Saying she had been duped into Doe v Bolton, she fought to overturn her own case
Sandra Cano, whose legal brief for the legalization of abortion became the companion case of Roe v. Wade, died Sept. 30. She was 66.
Though she was the anonymous Mary Doe in the Doe v. Bolton decision of the US Supreme Court that expanded abortion rights in the United States, Cano later realized that she had been duped into signing on with the case and worked to overturn both that decision and the more famous one that had been issued the same day in 1973, Roe v. Wade.
“Sandra was a sincere, honest, good Christian woman, and her heart grieved that she had been so taken advantage of,” said Janet Morana, executive director of Priests for Life. “She spent her whole life trying to overturn that decision. I will continue working — harder than ever before — to make that happen in my lifetime.”
“We journeyed with her. We had her as a guest on many of our ‘Defending Life’ television shows on EWTN and on our radio shows,” added Father Frank Pavone, national director of Priests for Life. “Sandra and Norma McCorvey — Jane Roe in the Roe v. Wade decision — were with me in 2001 at the Waldorf Astoria when the National Right to Life Committee gave me an award, and in 2002 when Franciscan University gave me an honorary degree. It was a special joy when I had them both with me."
Father Pavone said Cano didn’t like the spotlight, "but when we would put her in it, she would thank us for helping her get her message out.”
In 1989, Cano was the special guest when Citizens for a Pro-Life Society dedicated a 5-foot tall monument in memory of over 1000 aborted babies at Holy Cross Cemetery in Milwaukee. "She was very passionate about and wholeheartedly committed to the cause of life," said Monica M. Miller, its director. "I could tell that she was deeply, very personally troubled about the role she was made to unwittingly play in the national legalization of abortion, and she did all that she could to reverse the damage the Doe v. Bolton case brought to our nation and the toll it took on the lives of the unborn."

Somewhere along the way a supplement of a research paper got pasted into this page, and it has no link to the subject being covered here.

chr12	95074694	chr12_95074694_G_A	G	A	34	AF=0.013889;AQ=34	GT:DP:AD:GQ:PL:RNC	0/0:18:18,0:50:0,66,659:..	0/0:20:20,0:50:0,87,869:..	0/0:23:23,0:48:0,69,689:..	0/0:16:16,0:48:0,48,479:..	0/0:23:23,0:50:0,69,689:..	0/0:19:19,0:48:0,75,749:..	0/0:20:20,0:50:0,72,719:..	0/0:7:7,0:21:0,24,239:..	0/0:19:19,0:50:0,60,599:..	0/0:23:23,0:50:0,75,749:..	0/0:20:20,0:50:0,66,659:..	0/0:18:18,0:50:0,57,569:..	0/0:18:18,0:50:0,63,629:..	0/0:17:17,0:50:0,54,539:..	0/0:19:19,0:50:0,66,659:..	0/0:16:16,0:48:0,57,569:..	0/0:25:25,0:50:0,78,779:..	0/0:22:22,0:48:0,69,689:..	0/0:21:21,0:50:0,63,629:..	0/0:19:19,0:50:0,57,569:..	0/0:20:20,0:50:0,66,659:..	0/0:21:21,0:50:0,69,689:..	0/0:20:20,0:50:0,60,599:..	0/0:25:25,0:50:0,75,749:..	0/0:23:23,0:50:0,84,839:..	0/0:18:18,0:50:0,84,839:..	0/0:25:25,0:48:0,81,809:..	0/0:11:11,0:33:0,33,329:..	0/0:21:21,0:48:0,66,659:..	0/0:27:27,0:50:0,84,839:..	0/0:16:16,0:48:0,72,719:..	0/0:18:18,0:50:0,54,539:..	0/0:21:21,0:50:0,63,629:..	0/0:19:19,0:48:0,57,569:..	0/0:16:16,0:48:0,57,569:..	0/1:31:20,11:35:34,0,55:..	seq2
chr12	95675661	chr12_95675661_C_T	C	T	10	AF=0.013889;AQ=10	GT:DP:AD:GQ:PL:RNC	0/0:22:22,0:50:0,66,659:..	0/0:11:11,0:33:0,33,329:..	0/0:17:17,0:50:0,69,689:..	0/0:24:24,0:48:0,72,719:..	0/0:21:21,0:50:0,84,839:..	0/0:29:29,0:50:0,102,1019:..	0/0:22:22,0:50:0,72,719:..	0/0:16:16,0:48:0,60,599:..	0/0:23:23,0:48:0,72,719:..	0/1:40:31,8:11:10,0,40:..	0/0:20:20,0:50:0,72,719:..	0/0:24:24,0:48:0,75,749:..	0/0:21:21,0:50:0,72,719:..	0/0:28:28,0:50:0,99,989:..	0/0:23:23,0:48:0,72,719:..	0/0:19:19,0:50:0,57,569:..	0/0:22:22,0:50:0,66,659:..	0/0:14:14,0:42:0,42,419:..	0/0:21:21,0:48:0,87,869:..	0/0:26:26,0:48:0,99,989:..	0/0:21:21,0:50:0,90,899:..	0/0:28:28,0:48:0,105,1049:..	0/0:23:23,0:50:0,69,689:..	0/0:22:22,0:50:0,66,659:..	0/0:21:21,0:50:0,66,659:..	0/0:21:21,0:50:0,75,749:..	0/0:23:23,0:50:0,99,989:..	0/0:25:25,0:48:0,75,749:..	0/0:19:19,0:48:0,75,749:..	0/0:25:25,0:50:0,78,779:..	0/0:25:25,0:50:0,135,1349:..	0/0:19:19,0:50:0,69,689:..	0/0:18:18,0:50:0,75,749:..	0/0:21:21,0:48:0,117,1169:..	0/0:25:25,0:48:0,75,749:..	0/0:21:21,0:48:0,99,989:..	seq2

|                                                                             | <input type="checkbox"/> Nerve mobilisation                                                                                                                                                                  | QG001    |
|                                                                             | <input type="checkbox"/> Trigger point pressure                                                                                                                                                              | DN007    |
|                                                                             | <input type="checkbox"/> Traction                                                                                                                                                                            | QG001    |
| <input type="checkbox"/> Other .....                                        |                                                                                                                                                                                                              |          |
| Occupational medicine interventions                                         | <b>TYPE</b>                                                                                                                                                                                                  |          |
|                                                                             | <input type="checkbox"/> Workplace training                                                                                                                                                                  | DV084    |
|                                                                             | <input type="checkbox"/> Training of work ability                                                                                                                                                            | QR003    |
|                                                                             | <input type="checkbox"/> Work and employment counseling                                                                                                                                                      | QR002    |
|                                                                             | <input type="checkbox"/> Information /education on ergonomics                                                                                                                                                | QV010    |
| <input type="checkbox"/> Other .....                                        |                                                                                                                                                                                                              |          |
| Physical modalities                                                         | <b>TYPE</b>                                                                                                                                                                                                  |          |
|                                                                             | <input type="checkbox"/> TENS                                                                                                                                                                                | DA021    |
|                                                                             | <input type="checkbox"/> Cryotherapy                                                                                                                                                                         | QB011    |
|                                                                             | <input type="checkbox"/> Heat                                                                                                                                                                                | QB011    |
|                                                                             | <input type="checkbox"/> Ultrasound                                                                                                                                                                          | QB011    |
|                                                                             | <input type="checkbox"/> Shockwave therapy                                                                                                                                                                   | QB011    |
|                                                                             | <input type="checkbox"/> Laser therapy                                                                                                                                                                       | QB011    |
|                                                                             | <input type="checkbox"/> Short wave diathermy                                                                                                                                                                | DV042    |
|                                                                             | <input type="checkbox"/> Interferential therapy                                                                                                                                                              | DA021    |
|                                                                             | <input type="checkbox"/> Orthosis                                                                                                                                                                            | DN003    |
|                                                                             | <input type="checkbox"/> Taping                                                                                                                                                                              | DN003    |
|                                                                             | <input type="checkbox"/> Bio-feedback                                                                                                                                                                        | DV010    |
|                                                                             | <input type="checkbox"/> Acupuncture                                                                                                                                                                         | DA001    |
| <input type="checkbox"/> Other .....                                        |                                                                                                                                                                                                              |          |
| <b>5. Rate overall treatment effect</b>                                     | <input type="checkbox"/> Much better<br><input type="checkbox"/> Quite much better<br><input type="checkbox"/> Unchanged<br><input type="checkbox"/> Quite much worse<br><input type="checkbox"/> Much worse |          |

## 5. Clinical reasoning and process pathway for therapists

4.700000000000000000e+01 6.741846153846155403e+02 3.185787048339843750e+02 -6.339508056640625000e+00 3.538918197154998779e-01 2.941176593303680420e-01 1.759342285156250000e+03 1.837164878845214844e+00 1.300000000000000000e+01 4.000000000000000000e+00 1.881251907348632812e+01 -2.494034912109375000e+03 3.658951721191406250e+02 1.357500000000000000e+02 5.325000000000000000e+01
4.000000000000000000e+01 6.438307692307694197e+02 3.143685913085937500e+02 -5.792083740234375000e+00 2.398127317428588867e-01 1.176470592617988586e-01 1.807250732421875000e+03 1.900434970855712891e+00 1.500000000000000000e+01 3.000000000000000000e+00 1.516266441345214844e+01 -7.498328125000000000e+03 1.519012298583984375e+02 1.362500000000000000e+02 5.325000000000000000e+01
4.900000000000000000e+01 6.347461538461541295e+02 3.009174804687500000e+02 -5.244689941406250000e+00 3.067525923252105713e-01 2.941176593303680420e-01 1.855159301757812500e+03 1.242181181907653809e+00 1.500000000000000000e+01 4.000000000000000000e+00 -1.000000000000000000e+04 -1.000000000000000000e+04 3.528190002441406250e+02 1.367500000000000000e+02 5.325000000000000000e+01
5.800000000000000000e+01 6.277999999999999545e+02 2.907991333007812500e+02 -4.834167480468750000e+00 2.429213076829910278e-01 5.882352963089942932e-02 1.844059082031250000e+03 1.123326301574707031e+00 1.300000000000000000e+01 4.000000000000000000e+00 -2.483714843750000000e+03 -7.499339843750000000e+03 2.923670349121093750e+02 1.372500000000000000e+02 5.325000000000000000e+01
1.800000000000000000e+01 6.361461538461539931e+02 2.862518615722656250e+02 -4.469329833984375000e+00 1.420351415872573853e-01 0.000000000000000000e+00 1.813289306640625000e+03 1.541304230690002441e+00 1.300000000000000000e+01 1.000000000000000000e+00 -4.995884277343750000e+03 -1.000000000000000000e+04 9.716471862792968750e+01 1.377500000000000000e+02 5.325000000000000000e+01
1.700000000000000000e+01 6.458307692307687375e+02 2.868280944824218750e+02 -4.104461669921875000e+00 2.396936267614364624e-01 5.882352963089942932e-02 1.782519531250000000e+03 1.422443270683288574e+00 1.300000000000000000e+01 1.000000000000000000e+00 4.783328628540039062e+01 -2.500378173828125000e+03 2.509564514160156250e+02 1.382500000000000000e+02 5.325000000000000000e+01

“She had deep regrets about being used in this case by the pro-aborts. She was clearly a victim of deceptive effort to use her, and she felt extremely bad about it,” said Chris Slattery, who has fighting New York City’s efforts to rein in the work of a network of crisis pregnancy centers he founded. “She dedicated her life to trying to overturn her case and to do whatever she could to promote the cause of life. She was kind of a tragic hero of the movement, like Normal McCorvey, and then converted to come over to our side. The two of them had similar circumstances—they were used by the attorneys, without knowing the true nature of what they were doing with their cases."
Cano had been critically ill in a hospital outside of Atlanta dealing with throat cancer, sepsis and heart failure, according to LifeNews.com.
The Supreme Court’s Doe decision allowed for abortion up until the moment of birth if necessary for the health of the mother. It defined “health” to include “all factors — physical emotional, psychological, familial, and the woman’s age” — that may lead someone to have an abortion, LifeNews explained.
In 2003 Cano tried to get the decision reversed.
"I’m going back to court to right a wrong," she at the time. "Abortion has hurt millions of women," she said, "and I regret my role.
She said the original case was based on lies and deception. She said that in the early 1970s she had sought legal aid to obtain a divorce from a convicted child molester and to regain custody of her two children who were in foster care—not for an abortion. But her attorneys at the time misrepresented her and sought to overturn Georgia’s laws requiring three doctors to certify that an abortion was medically necessary.
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